The point of this is not just to mock Kate, but to point out that even very smart people (she is, after all, smarter than I am) have a tough time with probability and statistics. Our brains are wired to find patterns in things, and seek causes for those patterns. While this is a good thing if you're solving word puzzles, it often produces spurious results, like seeing faces and other figures in pictures taken by space probes, or even the Hand of God flipping you off.
I was reminded of all this this past weekend, while in Las Vegas for a bachelor party. In addition to the traditional foolishness involving semi-naked women (see Izzle Pfaff for the definitive word on that subject, and Diary de la Vex if you want more), there was, of course, gambling.
There's really no place like a casino to make you doubt the laws of probability. I know that a blackjack dealer has absolutely no influence on the odds (an honest one, anyway), but I would swear that the woman who took $90 of my money Saturday night had some sort of mystical power to mess up my life. I'd have a 19, with the dealer showing a three, and she'd turn over four cards and end up with 20. Again, and again, and again-- it was uncanny.
But, of course, it's not. Pick any combination of cards you like, and it's bound to turn up at some point, given a seemingly infinite number of casino dealers working 24-7. It only seemed remarkable to me because it was my money vanishing off the table-- Sunday morning, when I won back the $90 I had lost, nothing seemed the least bit out of the ordinary, even though that sequence was, if anything, more of an anomaly (given that, in the long run, the odds favor the house). The odds don't change unless the rules do.
(That said, I have to say that I have a hard time with those wallet cards that people carry around, and the "book" that people always quote. I realize that the odds are fixed, and calculable, but every time I wound up resorting to "the book" to choose a course of action (as in "the book says you hit here"), I lost. I'd really love to know who wrote the book in question, and whether there's actually an appendix that says "Don't hit on that, you dolt. Jesus, what kind of sap are you, anyway?")
My ultimate reaction to all this is to sort of shrug, and say "boy, human brains are weird." Other people take it a little farther, though, such as the guy I wound up next to in the airport lounge. He noticed my college t-shirt, and asked what my connection to the school was. On learning that I was a physics professor, he quizzed me intently about the completeness of physics, because he was absolutely convinced that mystical shit happens on a craps table, and normal physics and probability just isn't able to explain what goes on in Las Vegas.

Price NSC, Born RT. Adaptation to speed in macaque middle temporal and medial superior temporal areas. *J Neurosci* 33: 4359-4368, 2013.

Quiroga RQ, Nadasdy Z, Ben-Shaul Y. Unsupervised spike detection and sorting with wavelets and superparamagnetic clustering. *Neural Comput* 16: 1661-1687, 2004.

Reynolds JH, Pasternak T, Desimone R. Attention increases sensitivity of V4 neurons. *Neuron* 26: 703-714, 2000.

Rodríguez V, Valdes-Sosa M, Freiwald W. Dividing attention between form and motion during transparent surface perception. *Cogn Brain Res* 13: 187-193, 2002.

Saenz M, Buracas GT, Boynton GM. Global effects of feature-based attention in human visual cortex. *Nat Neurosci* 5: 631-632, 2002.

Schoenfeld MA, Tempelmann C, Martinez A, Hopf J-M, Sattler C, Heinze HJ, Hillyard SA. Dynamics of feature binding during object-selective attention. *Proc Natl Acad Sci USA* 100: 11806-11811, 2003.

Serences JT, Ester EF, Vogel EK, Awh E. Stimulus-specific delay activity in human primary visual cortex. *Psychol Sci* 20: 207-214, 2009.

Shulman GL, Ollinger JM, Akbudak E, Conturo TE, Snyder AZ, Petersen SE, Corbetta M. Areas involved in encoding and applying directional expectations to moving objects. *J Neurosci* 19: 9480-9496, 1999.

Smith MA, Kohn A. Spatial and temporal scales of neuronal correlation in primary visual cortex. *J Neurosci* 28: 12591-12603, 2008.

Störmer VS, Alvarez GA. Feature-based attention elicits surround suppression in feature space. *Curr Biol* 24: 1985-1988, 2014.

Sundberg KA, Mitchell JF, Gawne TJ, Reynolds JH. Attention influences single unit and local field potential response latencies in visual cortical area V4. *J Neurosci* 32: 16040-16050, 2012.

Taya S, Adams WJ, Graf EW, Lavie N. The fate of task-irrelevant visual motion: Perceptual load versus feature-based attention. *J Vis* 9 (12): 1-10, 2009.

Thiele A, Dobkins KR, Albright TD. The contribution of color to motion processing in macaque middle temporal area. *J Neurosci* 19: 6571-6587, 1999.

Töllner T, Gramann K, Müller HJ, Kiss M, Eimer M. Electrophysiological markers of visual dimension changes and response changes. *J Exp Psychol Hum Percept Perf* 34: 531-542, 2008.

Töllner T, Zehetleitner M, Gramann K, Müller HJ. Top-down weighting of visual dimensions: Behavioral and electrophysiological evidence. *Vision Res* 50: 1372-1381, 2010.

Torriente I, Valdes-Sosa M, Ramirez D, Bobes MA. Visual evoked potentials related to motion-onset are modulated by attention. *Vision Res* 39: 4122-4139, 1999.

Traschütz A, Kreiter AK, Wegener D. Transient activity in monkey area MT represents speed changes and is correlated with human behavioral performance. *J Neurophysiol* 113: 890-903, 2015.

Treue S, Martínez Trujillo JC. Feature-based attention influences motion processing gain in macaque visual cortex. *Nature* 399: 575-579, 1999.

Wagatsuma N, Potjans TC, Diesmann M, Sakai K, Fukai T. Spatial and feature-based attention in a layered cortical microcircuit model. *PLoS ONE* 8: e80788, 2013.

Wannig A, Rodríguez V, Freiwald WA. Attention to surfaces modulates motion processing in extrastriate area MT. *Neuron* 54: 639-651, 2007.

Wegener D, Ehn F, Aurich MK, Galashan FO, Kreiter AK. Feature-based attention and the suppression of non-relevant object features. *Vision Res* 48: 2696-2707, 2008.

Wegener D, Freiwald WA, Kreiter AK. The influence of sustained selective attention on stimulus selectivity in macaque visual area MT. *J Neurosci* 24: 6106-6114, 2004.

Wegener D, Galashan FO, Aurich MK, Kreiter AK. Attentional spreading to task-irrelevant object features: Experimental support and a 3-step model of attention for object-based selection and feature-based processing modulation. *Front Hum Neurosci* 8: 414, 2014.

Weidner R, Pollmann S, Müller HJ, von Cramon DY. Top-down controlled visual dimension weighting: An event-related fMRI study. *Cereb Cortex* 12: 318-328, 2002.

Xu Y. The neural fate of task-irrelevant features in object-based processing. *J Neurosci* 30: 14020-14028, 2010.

I argued against him, figuring it was my duty as a scientist, but my heart wasn't really in it. Sixteen hours earlier, after all, I was perilously close to arguing his side of things...
The Squirrel System
While on the subject of gambling, I should mention that I ended up winning $70 on the weekend (I was probably up about $150 at one point, and then suffered a flurry of losses). That's better than usual, but pretty insignificant in the end-- that just about paid for my share of dinner on Friday night...
Given that I played blackjack almost exclusively, I'm of course obligated to have a system for betting-- everyone whom plays more than a few hands has to have a system. Of course, given that I accept the laws of probability, mine is a system designed to minimize losses, and promises nothing about winning.
There are only two rules: 1) Start by putting down an amount of money that constitutes the maximum you're willing to lose in one sitting. These are the only chips you're allowed to have on the table, and you play until they're gone. 2) If you win a hand, put the winnings in your pocket.
This looks a little strange-- one dealer noticed me stashing money in my pocket and said "I see you tucking that away like a squirrel-- but when I stick with it, it works to keep me from getting stupid. It's primarily a psychological thing: I have a hard time getting up from the table if I have chips in front of me ("Oh, I can play just one more hand..."), so this provides a definite end to the game. When the original stake is gone, I'm done. It also limits losses to something acceptable-- the most I can lose is the original stake, and in practice, it's almost certainly less than that, as it's rare to sit down and burn through a whole stack of chips without ever winning a hand.
It also provides a nice kick when I go to cash out-- the game necessarily ends on a down note, when the last of the table stakes are gone, but that's redeemed when I go through my pockets, and find the money I'd been winning all along. It's fun to see the last of the original $100 stake disappear, only to pull $190 out of your pocket for the dealer to change into larger denominations...
(The same effect can be obtained by getting spectacularly drunk and losing track of $80 in chips until the next morning, but that has some unpleasant repercussions for the next day...)